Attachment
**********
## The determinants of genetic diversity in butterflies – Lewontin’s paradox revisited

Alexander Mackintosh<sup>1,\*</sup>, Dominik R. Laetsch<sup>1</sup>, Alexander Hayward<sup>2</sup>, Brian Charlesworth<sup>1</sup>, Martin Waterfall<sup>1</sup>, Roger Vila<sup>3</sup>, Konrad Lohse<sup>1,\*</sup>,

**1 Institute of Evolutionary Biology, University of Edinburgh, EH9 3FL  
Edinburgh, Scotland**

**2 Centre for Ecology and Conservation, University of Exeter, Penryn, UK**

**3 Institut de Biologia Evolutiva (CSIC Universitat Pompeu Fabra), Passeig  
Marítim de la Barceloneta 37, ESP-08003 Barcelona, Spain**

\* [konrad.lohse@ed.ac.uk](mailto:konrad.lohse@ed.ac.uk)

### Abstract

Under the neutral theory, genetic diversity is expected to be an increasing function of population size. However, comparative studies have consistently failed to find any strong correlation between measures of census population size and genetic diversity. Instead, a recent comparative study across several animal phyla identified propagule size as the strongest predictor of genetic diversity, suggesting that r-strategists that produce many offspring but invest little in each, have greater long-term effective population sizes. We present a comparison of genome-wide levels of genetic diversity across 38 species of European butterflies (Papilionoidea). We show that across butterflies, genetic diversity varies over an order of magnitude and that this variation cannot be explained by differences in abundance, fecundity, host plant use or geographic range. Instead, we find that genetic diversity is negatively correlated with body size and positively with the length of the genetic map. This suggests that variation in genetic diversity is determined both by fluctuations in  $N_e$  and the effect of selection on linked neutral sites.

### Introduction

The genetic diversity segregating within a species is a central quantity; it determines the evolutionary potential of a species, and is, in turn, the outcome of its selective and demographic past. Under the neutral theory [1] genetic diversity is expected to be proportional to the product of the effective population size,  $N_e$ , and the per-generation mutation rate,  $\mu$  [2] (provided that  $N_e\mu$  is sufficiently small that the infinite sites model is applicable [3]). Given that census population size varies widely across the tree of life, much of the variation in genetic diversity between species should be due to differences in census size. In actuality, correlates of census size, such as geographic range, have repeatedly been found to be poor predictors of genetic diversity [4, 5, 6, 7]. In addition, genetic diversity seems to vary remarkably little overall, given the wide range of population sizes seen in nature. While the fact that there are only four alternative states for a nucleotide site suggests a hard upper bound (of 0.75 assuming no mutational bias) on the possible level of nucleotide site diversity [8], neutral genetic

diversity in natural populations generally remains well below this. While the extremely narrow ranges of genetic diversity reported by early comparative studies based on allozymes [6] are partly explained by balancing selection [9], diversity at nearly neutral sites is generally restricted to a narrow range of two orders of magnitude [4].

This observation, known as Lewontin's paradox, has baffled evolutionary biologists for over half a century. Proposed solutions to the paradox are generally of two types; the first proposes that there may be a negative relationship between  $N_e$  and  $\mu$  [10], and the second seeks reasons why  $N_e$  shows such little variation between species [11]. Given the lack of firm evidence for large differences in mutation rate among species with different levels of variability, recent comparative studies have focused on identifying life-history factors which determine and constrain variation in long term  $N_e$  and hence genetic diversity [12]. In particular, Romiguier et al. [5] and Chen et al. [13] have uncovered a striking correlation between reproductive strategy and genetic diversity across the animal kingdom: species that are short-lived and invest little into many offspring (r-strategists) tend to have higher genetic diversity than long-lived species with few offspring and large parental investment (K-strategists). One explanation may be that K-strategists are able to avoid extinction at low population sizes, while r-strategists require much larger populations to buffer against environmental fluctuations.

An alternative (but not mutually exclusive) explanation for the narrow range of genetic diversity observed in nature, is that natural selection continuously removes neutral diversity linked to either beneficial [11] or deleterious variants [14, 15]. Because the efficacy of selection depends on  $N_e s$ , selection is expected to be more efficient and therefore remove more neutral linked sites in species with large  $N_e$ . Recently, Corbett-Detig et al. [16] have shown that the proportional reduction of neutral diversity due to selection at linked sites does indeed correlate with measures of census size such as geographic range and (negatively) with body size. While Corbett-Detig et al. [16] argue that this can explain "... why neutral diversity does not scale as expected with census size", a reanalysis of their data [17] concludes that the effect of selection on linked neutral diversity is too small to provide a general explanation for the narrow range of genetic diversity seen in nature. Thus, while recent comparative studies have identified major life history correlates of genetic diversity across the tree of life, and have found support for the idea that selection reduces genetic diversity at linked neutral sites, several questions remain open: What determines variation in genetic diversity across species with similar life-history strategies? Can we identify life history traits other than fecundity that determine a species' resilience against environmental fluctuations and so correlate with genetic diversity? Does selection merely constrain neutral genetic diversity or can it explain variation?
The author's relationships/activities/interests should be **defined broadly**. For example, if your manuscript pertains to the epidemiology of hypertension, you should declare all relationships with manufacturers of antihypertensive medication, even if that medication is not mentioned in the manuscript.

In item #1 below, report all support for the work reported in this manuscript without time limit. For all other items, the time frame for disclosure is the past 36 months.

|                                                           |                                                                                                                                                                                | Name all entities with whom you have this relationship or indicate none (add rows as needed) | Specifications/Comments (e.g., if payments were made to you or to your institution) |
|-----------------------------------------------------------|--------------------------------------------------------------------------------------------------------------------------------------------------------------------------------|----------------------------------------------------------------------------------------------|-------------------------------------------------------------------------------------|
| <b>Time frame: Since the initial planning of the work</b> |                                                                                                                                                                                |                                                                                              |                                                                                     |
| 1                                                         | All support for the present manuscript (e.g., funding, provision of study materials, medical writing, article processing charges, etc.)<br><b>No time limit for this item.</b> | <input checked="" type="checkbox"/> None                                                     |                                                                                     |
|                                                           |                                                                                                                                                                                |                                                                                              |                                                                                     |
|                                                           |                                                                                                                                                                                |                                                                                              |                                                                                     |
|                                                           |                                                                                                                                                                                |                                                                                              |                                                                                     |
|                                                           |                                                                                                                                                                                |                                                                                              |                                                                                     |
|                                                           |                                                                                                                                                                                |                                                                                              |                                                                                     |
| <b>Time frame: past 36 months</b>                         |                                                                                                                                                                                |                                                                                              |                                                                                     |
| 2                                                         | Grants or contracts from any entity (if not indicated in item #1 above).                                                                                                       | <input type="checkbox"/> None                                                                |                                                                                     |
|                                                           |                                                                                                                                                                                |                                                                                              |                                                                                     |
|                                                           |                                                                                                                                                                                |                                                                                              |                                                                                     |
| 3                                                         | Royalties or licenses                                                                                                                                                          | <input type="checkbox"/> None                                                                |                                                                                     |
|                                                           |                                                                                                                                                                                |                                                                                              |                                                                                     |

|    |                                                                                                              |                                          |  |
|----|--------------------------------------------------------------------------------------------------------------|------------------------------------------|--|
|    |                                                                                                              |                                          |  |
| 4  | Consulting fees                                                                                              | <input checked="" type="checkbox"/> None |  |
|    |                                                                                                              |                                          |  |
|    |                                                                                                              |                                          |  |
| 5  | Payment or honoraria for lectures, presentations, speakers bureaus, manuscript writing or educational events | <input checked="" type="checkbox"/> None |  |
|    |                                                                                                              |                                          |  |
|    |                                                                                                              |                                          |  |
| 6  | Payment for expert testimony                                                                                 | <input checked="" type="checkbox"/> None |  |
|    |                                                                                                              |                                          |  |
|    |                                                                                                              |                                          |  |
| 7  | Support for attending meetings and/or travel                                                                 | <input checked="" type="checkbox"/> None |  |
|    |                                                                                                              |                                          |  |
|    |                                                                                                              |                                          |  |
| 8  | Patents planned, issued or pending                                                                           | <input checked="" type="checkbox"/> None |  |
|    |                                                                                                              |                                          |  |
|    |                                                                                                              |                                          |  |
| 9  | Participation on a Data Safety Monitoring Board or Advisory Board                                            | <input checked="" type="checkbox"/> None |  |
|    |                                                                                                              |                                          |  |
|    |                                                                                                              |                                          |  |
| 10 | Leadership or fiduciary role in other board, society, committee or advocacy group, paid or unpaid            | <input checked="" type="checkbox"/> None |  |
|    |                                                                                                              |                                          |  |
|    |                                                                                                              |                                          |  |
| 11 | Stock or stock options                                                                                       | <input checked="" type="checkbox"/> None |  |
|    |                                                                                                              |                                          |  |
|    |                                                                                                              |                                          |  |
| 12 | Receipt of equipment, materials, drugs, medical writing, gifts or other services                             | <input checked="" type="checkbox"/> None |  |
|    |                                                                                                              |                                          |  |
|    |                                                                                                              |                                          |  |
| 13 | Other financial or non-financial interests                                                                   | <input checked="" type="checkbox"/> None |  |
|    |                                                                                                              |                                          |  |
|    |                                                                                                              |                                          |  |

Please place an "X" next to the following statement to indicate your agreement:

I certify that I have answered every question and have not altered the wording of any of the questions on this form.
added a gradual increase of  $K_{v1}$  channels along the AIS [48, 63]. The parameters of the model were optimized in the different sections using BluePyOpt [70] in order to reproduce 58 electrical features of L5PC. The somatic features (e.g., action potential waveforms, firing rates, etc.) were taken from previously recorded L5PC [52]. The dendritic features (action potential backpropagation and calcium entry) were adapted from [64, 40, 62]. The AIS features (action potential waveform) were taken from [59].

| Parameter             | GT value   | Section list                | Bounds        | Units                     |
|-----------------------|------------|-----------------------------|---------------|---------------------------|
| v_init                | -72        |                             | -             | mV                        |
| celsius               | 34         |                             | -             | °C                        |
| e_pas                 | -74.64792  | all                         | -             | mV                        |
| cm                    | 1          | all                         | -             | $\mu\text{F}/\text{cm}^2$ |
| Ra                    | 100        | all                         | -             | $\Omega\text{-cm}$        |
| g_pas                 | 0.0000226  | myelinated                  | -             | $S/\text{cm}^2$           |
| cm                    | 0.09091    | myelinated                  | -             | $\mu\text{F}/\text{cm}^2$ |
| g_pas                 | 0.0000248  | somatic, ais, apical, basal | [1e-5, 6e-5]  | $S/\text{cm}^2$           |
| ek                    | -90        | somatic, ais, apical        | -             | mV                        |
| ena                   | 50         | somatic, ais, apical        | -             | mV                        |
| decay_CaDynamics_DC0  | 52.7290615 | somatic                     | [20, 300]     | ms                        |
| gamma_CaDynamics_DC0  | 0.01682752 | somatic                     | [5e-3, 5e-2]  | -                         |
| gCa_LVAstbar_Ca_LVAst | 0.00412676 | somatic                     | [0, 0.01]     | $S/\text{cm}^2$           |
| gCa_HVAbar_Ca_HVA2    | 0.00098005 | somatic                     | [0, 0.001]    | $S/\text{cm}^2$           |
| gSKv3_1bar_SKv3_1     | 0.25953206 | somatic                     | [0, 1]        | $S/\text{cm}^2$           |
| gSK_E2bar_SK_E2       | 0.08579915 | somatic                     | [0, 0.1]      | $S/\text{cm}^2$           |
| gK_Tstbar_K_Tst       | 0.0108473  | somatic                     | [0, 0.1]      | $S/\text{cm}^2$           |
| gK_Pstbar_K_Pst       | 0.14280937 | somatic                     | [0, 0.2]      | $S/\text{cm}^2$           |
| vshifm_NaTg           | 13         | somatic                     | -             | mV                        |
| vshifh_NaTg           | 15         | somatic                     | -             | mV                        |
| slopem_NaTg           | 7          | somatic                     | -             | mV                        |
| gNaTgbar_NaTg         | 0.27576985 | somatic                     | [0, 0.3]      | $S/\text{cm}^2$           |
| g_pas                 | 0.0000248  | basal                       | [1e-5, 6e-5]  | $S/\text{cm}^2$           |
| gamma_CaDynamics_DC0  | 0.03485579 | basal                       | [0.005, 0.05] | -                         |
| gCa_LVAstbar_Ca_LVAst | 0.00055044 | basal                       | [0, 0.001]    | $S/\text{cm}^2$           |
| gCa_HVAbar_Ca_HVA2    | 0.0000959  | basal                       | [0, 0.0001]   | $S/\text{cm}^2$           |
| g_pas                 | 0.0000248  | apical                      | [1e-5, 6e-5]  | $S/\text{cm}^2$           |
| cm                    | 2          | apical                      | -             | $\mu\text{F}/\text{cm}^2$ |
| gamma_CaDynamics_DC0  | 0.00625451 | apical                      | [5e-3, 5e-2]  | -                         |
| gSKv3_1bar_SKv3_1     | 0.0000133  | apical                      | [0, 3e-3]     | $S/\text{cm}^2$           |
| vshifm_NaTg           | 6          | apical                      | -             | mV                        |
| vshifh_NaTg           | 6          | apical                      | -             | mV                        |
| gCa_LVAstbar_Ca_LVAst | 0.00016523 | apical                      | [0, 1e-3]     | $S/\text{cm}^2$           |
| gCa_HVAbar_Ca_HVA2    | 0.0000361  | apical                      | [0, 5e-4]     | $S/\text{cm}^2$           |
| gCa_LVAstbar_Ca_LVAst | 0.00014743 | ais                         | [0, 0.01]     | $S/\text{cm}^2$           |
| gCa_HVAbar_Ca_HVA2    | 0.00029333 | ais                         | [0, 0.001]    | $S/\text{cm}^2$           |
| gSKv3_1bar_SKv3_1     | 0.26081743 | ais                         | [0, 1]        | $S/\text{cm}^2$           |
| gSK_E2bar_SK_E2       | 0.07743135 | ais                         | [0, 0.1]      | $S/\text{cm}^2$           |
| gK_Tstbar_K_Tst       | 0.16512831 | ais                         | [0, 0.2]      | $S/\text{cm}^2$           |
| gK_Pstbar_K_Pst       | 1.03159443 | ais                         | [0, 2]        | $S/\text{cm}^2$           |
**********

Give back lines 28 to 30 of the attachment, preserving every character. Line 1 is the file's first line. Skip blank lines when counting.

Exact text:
| 2                                                         | Grants or contracts from any entity (if not indicated in item #1 above).                                                                                                       | <input type="checkbox"/> None                                                                |                                                                                     |
|                                                           |                                                                                                                                                                                |                                                                                              |                                                                                     |
|                                                           |                                                                                                                                                                                |                                                                                              |                                                                                     |